Hayashi Teppanyaki Restaurant, Castle Hill
Because sometimes you should be allowed to throw food at each other.
I am a fussy restaurant eater so that’s all I can think of right now if this is to be a list of the best! Sad, I know, but I am going out for dinner tonight so perhaps I’ll find another restaurant to add to my list then. For now, my number 5 will be:
The Book Haven– one of my favourite bookshops because it contains a delectable assortment of literary treats and treasures that I just cannot wait to sink my teeth into. With books stacked up in piles all over the floor as there is no room left on the shelves it is also a complete mess – not unlike my house after a dinner party – which makes it exciting when you actually find something you want! AND the shop owner can get me any book from anywhere in the world in about 2 weeks! I love it. Food for the soul! Yum!
Books are food, right?
Oh, now the tagging:
I would like it if Ish played – even if he plays in the comments section here – because he is from Tasmania and I soooooo miss Tassie food! I’d love to hear about his favourite eats in Tassie. He may even like to write a poem about them! That would be awesome!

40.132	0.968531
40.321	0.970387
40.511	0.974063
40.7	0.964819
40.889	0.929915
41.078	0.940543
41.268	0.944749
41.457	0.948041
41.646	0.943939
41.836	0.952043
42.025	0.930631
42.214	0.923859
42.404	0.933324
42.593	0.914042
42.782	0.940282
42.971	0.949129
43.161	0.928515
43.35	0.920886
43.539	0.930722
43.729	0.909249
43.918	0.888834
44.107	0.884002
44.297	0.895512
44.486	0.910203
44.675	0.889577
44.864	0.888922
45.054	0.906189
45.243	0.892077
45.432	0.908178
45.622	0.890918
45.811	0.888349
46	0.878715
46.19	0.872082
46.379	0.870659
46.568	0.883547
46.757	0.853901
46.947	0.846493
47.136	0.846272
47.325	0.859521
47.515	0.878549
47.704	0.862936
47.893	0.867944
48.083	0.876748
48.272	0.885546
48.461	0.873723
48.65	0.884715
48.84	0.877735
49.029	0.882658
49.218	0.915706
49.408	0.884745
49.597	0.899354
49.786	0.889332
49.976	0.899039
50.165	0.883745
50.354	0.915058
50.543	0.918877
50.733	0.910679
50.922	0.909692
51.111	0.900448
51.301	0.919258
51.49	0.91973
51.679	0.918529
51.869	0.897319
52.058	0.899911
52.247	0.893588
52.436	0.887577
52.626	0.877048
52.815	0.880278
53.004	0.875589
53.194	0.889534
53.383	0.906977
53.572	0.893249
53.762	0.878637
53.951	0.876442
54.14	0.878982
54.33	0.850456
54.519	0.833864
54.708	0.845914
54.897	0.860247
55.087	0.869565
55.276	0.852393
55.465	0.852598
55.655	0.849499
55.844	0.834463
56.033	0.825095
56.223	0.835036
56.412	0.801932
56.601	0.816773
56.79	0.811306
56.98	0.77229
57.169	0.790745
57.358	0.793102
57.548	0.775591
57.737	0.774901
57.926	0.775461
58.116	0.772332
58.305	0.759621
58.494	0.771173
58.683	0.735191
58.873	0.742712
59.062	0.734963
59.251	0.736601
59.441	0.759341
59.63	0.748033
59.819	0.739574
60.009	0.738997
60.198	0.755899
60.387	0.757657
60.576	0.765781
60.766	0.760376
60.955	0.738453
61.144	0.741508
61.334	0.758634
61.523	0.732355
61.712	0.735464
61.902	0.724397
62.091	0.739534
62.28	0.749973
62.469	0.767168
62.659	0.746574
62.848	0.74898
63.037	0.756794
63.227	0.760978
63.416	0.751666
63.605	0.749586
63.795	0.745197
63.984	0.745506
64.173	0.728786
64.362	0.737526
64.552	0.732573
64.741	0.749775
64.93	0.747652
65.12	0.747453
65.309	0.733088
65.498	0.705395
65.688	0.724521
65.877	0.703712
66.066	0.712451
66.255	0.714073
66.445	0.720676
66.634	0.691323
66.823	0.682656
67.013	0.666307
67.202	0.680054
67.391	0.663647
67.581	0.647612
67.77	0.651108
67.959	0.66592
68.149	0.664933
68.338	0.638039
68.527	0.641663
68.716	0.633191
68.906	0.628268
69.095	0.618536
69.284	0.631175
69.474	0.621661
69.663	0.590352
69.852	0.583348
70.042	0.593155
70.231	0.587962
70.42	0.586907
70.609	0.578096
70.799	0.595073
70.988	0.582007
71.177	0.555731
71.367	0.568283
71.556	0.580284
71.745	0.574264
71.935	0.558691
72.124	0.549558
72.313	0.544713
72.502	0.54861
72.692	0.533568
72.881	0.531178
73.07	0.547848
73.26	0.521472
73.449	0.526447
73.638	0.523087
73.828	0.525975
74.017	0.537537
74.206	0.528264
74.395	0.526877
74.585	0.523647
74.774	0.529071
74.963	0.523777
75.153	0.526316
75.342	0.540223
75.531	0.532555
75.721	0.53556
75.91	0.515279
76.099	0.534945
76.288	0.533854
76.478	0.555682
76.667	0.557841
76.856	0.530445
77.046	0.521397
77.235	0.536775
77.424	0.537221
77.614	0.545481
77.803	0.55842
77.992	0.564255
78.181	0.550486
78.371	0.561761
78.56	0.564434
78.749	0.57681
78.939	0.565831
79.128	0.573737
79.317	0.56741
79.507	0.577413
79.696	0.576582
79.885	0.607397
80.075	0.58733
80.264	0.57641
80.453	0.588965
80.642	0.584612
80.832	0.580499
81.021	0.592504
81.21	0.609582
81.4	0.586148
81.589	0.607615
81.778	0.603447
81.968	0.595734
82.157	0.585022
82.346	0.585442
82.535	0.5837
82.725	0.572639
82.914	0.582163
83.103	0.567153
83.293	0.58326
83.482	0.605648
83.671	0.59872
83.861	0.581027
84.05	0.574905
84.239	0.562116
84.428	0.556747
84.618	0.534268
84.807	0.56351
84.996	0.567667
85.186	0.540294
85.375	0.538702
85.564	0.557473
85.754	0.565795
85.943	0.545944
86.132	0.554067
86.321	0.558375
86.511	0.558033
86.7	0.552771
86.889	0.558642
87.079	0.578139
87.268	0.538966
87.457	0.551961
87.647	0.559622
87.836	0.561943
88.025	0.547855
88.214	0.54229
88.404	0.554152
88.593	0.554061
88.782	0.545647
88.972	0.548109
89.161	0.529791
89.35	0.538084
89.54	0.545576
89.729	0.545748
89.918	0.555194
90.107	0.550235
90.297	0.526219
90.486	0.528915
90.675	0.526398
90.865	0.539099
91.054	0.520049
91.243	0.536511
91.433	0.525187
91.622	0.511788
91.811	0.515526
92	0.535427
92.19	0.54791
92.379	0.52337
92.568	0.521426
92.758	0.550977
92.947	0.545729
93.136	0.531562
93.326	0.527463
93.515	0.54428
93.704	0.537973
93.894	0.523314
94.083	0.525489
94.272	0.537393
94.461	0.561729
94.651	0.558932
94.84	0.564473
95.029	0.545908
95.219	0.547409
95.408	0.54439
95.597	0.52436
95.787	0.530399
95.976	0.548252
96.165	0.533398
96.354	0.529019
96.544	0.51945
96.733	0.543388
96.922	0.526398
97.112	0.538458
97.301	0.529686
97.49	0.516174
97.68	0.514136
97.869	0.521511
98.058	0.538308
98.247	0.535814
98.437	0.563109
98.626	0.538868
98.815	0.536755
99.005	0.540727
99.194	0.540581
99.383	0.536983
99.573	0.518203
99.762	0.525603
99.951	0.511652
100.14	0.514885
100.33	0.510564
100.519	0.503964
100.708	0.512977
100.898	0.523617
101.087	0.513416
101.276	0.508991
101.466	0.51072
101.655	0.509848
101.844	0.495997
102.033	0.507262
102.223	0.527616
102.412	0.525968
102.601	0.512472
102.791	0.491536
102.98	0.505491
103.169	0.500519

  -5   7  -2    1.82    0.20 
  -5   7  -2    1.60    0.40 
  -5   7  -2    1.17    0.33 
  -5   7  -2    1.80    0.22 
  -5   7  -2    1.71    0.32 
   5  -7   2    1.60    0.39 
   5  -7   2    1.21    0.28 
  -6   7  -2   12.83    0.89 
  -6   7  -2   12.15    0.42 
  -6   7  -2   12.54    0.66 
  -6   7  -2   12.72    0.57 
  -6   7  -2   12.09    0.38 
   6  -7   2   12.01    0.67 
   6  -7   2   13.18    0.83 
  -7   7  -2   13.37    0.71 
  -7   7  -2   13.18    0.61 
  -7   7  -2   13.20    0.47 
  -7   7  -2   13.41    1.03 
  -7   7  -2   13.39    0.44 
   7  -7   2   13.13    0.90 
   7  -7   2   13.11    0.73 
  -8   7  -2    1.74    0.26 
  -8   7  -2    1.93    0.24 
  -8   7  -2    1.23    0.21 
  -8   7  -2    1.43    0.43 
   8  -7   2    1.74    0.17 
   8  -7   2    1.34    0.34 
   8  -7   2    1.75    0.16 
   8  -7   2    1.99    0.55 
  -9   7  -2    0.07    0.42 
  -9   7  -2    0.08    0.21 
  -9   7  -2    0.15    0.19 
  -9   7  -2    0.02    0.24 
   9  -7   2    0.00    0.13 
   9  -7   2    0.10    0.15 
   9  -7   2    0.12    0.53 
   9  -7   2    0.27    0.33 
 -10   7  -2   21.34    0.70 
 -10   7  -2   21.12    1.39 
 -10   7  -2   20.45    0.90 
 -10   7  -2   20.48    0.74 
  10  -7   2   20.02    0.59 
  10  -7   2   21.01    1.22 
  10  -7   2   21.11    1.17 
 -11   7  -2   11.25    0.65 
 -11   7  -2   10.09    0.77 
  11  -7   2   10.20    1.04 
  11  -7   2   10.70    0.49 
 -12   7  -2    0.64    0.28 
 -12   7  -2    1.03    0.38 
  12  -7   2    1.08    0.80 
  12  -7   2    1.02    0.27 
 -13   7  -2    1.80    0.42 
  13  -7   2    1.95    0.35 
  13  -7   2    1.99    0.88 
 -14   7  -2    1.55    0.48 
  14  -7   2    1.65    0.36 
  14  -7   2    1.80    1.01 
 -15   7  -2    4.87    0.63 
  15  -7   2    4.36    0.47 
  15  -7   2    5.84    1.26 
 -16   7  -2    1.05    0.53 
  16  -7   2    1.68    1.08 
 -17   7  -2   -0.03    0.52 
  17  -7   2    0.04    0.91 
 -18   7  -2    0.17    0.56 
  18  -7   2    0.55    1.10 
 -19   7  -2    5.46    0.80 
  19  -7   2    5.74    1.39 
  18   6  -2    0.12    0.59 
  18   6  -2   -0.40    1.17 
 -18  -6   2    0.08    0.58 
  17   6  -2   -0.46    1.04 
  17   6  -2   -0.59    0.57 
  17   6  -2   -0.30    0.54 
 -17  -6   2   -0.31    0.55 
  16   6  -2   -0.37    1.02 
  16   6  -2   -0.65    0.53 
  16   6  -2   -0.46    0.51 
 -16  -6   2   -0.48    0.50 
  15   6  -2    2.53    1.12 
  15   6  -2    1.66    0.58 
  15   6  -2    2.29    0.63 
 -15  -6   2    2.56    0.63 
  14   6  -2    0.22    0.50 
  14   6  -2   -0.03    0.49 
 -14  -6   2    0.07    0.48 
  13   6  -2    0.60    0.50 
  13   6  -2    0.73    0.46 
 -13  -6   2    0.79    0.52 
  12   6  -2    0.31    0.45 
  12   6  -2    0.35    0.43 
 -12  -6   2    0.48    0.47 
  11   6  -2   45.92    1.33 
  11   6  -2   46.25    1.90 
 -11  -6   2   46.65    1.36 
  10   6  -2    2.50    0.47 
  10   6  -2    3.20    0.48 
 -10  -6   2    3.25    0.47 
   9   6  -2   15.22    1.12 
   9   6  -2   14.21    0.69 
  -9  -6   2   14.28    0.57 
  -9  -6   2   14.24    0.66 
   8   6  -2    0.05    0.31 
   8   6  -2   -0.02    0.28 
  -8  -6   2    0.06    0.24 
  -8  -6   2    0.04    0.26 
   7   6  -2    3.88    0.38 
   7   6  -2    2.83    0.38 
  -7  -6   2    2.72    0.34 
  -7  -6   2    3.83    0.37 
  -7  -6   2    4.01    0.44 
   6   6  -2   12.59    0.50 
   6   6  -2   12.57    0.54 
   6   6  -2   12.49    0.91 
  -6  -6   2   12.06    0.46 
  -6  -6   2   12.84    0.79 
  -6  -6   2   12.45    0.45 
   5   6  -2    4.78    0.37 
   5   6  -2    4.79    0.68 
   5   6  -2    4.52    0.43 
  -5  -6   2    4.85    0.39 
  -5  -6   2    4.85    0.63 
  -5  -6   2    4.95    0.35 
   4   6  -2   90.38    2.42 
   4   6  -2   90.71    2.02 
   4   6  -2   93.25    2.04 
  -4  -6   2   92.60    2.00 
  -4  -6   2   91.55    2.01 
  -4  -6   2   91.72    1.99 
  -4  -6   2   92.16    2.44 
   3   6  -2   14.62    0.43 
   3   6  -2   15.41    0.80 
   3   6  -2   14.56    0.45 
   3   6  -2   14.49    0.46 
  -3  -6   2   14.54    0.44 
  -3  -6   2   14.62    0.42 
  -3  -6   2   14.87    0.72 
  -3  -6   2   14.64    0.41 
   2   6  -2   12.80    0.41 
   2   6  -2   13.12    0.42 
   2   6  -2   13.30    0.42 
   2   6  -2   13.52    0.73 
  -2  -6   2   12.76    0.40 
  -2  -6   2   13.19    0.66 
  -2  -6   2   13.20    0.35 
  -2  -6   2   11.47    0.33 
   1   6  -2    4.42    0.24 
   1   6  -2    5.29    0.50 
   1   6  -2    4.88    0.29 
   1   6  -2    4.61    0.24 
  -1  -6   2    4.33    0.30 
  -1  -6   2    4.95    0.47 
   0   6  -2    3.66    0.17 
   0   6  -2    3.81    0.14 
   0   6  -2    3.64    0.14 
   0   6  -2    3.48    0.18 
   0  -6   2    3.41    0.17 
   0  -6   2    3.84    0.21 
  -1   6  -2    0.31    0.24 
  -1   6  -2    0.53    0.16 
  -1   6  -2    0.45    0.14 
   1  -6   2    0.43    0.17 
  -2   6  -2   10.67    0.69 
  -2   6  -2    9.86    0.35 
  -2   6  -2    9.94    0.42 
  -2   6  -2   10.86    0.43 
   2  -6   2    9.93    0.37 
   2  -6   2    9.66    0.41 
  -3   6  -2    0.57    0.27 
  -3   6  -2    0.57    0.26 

I would like to hear about the 5 best places to eat in Africa from dekker when he returns.
I would also like to know where one4jc eats when she’s out and about on her motorbike! Congrats on getting your license!!!
Ellen is a bit of a traveller, so I’d like to see which places she chooses from anywhere.
And finally, because I made Island Sparrow hungry in my last post, I’d like to read about her favourite places to eat on PE Island.
If I haven’t tagged you and you’d like to play, please do!!!
The other night I went to a… actually, I’m not sure what you’d call it but it was a birthday for a magazine. An artsy event in which you stand in a mostly blank space amid piles of artistically placed newspapers, rub shoulders with artsy people and eat cheese by the wheel with big chunks of bread torn off freshly baked loaves while trying various wines, scoring numerous freebies and generally congratulating editors etc on how fabulous their magazine is 12 issues in. At least, I think that’s what you’re supposed to do.
I was there with a couple of friends listening, looking and wondering what it all meant and as confessional presentations were given in the dark, I came to see that as well as being a celebration of the magazine, this was a celebration of philanthropy. Many of the people speaking had given up their fancy pants jobs in fancy pants places where they earnt enough money to buy fancy pants so that they could make a difference to the world beyond. In the words of one of the speakers who was a furniture designer, he had come to realise that “the world really didn’t need another chair.” And you know what, it is true: there are already lots of chairs.